Video

Video South Korea Confronts Violence Within Military Ranks

Every able-bodied South Korean male between 18 and 35 must serve for 21 to 36 months in the country’s armed forces, depending upon the specific branch. For many, service is a rite of passage to manhood. But there are growing concerns that bullying and violence come along with the tradition. Reporter Jason Strother has more from Seoul.
Video

Video Comanche People Maintain Pride in Their Heritage

The Comanche (Indian nation) once were called the “Lords of the Plains,” with an empire that included half the land area of current day Texas, large parts of Oklahoma, New Mexico, Kansas and Colorado.The fierceness and battle prowess of these warriors on horseback delayed the settlement of most of West Texas for four decades. VOA’s Greg Flakus reports from Lawton, Oklahoma, that while their warrior days are over, the 15,000 members of the Comanche Nation remain a proud people.
Video

Video Turkey Campus Attacks Raise Islamic Radicalization Fears

Concerns are growing in Turkey of Islamic radicalization at some universities, after clashes between supporters of the jihadist group Islamic State (IS) or ISIS, and those opposed to the extremists. Pro-jihadist literature is on sale openly on the streets of Istanbul. Critics accuse the government of turning a blind eye to radicalism at home, while Kurds accuse the president of supporting IS - a charge strongly denied. Henry Ridgwell reports from London.
Video

Video Syrian Defector Leaks Shocking Photos of Torture Victims

Shocking photographs purporting to show Syrian torture victims are on display at the U.S. Holocaust Memorial Museum in Washington. The museum says the graphic images are among thousands of photographs recently smuggled out of Syria by a military policeman-turned-defector. As VOA reporter Julie Taboh reports, the museum says the photos provide further evidence of atrocities committed by the government of Syrian President Bashar al-Assad against its own people.
Video

Video Drought-Stricken California Considers Upgrading Water System

A three-year drought in California is causing a water shortage that is being felt on farms and cities throughout the state. As VOA's Mike O’Sullivan reports, water experts, consumers and farmers say California needs to make changes to cope with an uncertain future.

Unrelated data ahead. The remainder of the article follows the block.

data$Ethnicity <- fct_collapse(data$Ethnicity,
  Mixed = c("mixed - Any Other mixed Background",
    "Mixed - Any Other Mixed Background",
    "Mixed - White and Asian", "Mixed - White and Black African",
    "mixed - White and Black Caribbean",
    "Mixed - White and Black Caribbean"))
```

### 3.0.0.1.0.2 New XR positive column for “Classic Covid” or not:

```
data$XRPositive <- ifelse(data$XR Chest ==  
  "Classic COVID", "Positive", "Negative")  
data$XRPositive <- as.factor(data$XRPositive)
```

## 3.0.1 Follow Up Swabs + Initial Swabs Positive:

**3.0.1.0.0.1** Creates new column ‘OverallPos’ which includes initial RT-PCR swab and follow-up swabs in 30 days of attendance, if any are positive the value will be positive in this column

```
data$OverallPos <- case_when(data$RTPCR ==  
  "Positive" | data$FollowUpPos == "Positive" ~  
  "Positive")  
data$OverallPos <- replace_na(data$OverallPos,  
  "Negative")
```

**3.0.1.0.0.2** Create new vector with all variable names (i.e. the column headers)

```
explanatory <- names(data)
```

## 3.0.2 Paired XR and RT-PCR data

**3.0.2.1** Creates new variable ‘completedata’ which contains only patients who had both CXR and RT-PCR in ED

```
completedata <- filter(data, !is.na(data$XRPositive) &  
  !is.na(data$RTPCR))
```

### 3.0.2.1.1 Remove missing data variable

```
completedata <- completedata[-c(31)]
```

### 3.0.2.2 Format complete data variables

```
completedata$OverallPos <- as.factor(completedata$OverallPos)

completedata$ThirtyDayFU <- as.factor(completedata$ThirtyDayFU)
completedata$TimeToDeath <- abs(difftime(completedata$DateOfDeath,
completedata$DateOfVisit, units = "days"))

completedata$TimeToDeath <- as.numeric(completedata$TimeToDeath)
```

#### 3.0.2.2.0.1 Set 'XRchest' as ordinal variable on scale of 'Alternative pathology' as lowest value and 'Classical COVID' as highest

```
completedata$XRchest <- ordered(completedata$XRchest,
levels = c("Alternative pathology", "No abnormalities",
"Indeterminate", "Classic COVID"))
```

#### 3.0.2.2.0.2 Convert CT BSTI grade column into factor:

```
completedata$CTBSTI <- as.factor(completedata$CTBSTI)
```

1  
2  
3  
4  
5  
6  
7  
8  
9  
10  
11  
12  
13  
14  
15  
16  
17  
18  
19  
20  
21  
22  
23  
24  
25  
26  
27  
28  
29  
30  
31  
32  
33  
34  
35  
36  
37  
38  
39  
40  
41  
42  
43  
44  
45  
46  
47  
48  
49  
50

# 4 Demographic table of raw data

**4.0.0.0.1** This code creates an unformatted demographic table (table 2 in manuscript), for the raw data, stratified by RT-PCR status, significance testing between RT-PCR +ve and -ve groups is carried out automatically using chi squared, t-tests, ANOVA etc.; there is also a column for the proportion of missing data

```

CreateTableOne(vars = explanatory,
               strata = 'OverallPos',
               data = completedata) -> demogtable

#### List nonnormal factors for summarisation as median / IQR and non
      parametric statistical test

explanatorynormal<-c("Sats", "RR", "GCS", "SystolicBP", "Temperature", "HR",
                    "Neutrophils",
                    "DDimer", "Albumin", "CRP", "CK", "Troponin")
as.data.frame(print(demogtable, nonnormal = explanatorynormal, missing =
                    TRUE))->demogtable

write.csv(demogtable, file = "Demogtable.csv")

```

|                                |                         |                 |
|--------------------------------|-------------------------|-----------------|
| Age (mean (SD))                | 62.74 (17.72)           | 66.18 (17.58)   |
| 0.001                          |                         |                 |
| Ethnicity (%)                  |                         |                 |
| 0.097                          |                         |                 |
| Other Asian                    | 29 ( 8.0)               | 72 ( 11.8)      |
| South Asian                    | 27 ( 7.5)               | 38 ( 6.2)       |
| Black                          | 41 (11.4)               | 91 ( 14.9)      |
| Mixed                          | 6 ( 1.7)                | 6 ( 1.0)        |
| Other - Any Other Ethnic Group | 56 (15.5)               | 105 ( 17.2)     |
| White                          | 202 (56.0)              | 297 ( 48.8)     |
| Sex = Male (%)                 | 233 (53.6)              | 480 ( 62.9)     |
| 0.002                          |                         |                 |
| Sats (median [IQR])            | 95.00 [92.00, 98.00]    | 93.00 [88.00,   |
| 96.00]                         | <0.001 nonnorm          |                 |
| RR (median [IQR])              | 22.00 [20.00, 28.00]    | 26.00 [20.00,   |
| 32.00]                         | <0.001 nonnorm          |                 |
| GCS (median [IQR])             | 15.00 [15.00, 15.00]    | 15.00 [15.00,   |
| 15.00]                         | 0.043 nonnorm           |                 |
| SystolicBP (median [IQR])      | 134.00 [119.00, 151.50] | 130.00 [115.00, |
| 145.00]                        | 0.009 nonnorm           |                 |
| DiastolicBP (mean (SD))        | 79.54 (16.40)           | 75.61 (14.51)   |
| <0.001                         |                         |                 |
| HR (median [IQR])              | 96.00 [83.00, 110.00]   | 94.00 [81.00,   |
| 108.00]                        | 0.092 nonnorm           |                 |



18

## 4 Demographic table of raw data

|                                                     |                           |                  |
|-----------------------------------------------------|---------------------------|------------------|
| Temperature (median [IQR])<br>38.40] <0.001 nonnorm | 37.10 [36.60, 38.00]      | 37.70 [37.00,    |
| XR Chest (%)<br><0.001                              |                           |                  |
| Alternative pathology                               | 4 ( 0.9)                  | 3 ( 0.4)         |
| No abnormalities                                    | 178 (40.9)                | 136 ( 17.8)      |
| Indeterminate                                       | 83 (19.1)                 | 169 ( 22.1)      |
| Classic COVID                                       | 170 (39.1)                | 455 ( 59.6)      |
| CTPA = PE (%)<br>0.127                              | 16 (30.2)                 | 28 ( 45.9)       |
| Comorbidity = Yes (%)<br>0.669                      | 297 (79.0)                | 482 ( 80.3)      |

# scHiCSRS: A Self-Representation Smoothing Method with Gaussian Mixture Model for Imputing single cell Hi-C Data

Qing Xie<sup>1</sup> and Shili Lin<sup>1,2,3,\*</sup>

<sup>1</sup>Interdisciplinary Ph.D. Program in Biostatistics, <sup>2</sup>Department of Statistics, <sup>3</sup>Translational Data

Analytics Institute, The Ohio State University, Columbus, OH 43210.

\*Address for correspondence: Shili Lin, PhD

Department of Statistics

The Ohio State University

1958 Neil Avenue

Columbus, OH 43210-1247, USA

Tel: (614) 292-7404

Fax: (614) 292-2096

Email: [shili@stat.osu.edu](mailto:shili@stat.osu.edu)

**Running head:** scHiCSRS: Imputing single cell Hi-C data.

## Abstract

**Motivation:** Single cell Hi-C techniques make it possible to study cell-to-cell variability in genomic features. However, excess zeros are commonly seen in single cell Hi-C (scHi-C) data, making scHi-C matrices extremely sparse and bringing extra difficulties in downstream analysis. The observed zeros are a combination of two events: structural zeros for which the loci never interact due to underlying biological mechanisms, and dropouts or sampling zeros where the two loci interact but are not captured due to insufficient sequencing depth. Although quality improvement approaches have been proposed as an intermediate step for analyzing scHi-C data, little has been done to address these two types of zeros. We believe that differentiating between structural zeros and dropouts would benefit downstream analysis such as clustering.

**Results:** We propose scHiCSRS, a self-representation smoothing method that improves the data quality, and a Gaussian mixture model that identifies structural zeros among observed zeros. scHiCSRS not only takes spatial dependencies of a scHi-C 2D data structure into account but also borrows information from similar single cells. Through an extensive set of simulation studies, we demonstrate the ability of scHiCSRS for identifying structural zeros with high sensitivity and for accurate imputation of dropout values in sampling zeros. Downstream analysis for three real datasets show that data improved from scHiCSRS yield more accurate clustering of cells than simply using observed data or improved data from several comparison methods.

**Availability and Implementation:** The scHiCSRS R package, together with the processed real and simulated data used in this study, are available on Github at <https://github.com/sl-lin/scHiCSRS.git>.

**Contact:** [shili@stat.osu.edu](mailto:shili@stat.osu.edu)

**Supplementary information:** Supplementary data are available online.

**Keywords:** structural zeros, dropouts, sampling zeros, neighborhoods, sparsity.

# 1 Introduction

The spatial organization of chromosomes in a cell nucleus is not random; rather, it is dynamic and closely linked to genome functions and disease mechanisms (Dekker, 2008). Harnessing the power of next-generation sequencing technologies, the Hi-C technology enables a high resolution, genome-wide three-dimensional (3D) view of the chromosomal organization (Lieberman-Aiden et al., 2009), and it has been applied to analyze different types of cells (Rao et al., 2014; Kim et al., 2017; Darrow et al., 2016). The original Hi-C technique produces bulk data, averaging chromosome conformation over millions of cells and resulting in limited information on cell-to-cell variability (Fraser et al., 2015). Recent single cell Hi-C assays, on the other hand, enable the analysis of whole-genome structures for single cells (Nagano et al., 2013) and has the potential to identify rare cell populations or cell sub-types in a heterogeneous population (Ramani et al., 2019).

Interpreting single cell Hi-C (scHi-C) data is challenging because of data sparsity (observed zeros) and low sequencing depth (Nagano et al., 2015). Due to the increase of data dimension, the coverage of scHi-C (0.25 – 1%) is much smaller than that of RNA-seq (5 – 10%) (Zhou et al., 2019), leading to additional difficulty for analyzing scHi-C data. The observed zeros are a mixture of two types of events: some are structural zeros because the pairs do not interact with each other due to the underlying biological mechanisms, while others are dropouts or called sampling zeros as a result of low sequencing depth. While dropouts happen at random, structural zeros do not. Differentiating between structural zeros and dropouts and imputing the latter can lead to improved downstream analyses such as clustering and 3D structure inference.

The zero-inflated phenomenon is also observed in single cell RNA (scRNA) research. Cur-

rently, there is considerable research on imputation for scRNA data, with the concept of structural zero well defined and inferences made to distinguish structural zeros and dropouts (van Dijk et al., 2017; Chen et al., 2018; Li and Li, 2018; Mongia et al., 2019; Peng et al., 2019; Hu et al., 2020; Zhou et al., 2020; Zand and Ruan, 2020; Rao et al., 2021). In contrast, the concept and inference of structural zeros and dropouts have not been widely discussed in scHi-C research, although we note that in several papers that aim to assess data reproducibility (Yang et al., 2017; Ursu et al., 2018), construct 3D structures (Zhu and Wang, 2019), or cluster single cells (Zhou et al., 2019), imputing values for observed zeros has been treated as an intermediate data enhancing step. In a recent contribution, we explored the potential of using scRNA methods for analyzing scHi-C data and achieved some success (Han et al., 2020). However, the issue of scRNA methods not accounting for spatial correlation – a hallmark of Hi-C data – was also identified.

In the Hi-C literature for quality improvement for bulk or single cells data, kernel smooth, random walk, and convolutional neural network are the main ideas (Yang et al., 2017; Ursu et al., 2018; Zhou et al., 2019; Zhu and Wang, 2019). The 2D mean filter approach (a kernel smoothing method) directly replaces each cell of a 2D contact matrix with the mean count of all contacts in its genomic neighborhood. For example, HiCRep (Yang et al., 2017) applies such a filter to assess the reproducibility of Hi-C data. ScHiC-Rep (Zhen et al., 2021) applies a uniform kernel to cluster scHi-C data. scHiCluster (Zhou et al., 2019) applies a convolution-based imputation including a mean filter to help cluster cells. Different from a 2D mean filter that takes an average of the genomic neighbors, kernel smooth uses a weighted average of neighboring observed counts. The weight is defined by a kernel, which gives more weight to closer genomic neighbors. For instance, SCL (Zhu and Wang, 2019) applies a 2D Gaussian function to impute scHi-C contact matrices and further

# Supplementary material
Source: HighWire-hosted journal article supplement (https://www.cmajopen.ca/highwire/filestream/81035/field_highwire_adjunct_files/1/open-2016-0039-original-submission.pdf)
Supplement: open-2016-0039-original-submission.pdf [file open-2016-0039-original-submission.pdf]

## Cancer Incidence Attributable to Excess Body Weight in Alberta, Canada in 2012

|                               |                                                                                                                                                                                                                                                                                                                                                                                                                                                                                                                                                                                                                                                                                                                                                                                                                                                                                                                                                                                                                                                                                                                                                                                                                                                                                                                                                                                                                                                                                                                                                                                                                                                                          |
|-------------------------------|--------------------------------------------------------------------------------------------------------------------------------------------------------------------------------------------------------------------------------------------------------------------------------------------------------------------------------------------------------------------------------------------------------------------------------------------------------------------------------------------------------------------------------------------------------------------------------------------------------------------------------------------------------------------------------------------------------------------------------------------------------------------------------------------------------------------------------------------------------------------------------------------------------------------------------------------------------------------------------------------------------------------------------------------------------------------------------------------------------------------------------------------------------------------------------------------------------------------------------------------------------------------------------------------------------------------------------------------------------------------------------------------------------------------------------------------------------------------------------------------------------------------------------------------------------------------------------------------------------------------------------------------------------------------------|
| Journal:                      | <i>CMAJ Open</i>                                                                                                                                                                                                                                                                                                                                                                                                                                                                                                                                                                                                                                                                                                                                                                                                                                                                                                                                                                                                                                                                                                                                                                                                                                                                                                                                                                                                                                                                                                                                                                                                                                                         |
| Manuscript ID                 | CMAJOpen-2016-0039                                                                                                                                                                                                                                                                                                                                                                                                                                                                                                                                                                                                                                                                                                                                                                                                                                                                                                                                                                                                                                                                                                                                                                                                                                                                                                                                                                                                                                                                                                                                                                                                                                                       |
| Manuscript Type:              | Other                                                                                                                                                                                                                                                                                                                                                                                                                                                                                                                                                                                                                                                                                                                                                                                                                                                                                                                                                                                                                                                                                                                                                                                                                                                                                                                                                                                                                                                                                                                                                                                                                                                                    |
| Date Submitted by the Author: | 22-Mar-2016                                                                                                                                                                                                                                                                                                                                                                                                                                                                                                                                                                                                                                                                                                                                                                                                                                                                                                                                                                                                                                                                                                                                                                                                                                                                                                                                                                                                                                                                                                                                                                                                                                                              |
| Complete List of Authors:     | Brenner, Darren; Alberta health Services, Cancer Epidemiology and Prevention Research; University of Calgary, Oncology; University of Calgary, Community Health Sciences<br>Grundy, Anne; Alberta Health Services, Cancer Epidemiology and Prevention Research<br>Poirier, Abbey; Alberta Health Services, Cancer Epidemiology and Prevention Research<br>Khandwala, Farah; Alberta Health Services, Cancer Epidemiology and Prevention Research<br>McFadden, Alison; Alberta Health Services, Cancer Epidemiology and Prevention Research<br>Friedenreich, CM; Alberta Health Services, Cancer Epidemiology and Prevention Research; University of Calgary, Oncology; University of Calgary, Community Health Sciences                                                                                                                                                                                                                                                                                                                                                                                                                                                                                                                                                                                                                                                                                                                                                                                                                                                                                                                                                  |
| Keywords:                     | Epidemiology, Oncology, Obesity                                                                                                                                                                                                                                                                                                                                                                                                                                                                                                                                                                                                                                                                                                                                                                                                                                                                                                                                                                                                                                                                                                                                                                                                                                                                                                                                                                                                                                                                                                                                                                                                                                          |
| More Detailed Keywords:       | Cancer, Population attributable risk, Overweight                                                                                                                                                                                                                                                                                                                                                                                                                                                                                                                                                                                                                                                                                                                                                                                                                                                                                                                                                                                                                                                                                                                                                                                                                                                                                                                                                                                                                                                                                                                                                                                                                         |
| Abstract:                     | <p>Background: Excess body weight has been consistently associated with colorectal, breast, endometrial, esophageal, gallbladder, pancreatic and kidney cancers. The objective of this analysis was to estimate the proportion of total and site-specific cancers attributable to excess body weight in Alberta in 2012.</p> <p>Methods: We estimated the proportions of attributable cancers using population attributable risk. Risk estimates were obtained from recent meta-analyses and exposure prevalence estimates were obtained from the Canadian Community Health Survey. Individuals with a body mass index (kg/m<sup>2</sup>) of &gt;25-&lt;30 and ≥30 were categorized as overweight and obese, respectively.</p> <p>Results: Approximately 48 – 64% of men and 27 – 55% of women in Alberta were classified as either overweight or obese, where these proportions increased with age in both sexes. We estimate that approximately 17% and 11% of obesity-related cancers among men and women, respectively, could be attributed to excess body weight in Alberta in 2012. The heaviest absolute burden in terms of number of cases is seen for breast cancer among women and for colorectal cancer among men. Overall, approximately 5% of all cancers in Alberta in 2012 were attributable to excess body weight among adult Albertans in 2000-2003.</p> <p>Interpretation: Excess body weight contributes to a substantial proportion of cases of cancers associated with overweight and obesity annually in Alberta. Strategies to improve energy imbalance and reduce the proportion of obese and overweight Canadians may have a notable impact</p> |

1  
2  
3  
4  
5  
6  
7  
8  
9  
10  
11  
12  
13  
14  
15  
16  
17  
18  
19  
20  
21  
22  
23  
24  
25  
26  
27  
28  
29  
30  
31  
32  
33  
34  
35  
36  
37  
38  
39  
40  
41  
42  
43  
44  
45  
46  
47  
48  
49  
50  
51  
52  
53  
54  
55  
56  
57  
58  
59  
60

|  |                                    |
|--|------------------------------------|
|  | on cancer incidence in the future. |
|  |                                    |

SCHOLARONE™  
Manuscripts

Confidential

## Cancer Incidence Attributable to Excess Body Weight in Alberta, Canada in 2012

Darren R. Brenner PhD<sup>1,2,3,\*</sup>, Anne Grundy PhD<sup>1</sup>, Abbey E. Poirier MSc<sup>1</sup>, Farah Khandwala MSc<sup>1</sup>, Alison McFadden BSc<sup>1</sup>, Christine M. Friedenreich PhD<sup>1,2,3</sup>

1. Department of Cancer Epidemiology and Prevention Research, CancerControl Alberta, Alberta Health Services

Video

Video TechShop Puts High-tech Dreams Within Reach

Square, a business app and card reader, makes it possible to do credit card transactions through cell phones. But what made Square possible? VOA’s Adrianna Zhang and Enming Liu have the answer.
Video

Video Church for Atheists Goes Global

Atheists, by definition, do not believe in God. So they should have no need of a church. But two years ago, a pair of British stand-up comedians decided to create one. Sanderson Jones and Pippa Evans told the BBC they envisioned “something like church but without God". Their “Sunday Assembly” movement has grown from a single congregation in London to dozens of churches around the world. Reporter Mike Osborne visited with the members of a Sunday Assembly that now meets regularly in Nashville.
Video

Video Robot Locates Unexploded Underwater Mines

Many educators believe that hands-on experience is the best way to learn. Proving that the method works is a project developed by a group of students at the Stevens Institute of Technology, in Hoboken, New Jersey. They rose up to a challenge posted by the U.S. Department of Defense and successfully designed and built an underwater robot for locating submerged unexploded ordnance. VOA’s George Putic reports.
Video

Video Liberia's JFK Hospital Reopens After Temporary Ebola Exposure

JFK Hospital is Liberia’s largest and one of its oldest medical facilities. The hospital had to close temporarily following the deaths of two leading doctors from Ebola. It is now getting back on its feet, with the maternity ward being the first section to reopen. Benno Muchler has more for VOA News from Monrovia.
Video

Video Hong Kong Protests Expose Generation Gap

Most of the tens of thousands of protesters in Hong Kong are students seeking democracy. Idealistic youths say while the older generation worries about the present, they are fighting for the territory's future. VOA's Daniel Schearf reports from Hong Kong.
Video

Video Liberians Living in US Struggle From Afar as Ebola Ravages Homeland

More than 8,000 Liberians live in New York City, more than in any other city outside of Liberia itself. As VOA’s Bernard Shusman reports, with the Ebola virus ravaging their homeland, there is no peace of mind for these New Yorkers.
Video

Video Kurds See War-Ravaged Kobani As Political, Emotional Heartland

Intense fighting is continuing between Islamic State militants -- also known as ISIS or ISIL -- and Kurdish forces around the Syrian town of Kobani, on the Turkish border. The U.S. said it carried out at least nine airstrikes against Islamic State positions Friday. Meanwhile the U.N. has warned that hundreds of civilians would be massacred if the town falls to the militants. Henry Ridgwell looks at the strategic significance of the city.

All About America

AppleAndroid